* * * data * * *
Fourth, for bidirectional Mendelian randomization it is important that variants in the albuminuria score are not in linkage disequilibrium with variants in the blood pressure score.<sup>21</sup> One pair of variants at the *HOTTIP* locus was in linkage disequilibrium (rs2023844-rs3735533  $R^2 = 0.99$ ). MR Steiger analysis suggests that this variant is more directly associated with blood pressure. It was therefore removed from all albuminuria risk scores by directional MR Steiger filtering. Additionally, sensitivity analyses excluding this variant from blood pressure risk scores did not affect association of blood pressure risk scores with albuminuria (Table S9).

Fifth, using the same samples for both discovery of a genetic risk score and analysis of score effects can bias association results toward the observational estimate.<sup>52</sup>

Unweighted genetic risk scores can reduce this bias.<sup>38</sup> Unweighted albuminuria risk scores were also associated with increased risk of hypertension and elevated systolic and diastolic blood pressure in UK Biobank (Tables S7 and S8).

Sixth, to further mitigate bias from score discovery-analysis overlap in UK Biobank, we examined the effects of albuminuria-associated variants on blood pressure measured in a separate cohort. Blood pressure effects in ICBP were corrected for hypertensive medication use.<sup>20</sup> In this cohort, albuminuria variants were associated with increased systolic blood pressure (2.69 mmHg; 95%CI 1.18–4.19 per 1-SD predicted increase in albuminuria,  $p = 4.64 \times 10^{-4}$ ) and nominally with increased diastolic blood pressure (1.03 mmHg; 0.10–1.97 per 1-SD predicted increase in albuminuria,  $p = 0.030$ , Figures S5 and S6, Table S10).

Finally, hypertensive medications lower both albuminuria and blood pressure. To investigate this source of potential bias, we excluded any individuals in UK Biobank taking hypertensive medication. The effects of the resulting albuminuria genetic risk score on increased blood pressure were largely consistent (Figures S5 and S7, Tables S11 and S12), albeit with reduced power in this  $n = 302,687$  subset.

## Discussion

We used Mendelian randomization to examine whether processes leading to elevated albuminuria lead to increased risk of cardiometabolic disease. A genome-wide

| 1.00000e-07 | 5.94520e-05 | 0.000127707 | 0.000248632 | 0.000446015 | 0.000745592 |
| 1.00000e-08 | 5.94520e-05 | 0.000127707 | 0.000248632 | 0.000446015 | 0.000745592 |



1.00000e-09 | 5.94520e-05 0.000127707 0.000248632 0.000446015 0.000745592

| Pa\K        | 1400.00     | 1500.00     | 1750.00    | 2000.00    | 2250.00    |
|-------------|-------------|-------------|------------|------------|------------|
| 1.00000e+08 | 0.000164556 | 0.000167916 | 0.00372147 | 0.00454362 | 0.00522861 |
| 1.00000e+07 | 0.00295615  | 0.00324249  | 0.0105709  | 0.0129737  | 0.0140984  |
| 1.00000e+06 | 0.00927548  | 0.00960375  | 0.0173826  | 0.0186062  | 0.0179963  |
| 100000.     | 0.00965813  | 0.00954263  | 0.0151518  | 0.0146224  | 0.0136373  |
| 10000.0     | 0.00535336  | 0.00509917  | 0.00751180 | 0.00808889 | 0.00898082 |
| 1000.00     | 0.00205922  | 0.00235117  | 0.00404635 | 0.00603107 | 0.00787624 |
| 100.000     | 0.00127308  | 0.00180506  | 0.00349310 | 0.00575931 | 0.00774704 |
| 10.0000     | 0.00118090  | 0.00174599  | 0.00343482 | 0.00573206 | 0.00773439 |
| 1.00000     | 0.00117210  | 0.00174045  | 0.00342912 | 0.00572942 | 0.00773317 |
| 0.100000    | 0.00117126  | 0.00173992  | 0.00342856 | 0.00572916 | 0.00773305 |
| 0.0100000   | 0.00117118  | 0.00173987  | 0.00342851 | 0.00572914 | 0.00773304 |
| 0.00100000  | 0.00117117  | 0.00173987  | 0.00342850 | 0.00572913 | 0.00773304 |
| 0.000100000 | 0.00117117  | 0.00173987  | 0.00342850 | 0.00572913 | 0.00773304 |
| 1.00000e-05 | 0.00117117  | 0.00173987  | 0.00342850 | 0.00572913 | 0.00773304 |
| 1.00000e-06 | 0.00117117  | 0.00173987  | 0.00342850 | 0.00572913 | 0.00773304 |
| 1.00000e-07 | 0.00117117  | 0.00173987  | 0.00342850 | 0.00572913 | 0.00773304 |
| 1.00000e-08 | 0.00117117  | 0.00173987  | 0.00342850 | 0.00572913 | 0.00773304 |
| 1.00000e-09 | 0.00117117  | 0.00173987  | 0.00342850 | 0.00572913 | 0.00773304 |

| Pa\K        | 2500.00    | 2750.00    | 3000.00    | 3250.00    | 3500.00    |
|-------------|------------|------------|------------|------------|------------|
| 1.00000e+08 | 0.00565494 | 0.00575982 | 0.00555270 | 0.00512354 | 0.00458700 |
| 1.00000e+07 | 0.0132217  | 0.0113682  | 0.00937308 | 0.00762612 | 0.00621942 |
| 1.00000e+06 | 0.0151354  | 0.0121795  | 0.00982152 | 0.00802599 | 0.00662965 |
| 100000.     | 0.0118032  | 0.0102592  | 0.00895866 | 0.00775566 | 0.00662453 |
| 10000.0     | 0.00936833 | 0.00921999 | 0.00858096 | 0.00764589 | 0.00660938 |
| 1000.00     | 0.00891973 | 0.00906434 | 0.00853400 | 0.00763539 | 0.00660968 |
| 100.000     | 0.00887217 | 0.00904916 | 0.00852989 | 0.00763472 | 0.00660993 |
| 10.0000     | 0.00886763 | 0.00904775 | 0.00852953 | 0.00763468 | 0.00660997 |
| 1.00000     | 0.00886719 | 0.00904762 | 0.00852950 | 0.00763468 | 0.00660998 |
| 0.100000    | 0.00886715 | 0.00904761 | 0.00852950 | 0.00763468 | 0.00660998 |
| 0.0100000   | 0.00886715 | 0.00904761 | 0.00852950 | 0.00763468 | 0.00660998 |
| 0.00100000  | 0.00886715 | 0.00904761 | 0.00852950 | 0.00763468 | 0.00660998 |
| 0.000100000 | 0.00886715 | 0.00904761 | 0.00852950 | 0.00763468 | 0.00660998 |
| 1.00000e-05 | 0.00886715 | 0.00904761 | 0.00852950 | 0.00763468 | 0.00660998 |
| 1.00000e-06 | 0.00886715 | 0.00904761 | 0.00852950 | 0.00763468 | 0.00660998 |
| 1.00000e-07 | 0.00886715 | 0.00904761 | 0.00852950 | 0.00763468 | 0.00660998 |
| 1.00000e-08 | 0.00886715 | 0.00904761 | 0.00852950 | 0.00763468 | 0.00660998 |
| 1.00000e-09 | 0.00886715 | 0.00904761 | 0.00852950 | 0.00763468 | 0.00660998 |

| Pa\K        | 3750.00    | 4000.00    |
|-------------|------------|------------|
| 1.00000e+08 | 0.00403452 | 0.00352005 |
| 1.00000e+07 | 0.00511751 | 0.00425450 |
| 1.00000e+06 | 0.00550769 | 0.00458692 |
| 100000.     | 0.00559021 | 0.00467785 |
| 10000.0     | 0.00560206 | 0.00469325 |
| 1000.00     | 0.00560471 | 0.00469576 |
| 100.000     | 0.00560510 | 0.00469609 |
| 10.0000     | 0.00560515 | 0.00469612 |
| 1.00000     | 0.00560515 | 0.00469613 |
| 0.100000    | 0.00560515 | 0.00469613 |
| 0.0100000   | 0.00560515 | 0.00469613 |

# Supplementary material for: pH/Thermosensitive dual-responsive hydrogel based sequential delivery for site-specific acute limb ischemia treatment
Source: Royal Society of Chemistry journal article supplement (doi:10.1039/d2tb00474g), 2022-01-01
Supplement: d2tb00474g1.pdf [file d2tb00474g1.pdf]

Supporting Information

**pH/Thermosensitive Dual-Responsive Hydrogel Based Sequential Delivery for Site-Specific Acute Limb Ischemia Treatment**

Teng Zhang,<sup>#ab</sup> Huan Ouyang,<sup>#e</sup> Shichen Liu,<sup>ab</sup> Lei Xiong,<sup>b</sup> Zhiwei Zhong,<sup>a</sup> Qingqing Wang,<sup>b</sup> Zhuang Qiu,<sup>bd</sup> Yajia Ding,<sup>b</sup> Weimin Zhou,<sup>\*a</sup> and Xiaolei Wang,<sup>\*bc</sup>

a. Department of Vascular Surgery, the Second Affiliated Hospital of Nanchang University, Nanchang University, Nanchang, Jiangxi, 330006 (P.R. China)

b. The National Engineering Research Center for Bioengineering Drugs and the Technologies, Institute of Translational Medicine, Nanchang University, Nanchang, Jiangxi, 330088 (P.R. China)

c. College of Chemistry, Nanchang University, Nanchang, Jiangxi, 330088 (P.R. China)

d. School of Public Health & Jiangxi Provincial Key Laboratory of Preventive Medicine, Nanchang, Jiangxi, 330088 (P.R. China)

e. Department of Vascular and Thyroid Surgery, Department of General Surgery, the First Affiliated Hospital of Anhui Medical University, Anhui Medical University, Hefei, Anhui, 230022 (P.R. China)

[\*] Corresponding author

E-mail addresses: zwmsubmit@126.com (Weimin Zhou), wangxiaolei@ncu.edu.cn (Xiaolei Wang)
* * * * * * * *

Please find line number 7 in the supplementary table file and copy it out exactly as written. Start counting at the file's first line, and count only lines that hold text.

We used Mendelian randomization to examine whether processes leading to elevated albuminuria lead to increased risk of cardiometabolic disease. A genome-wide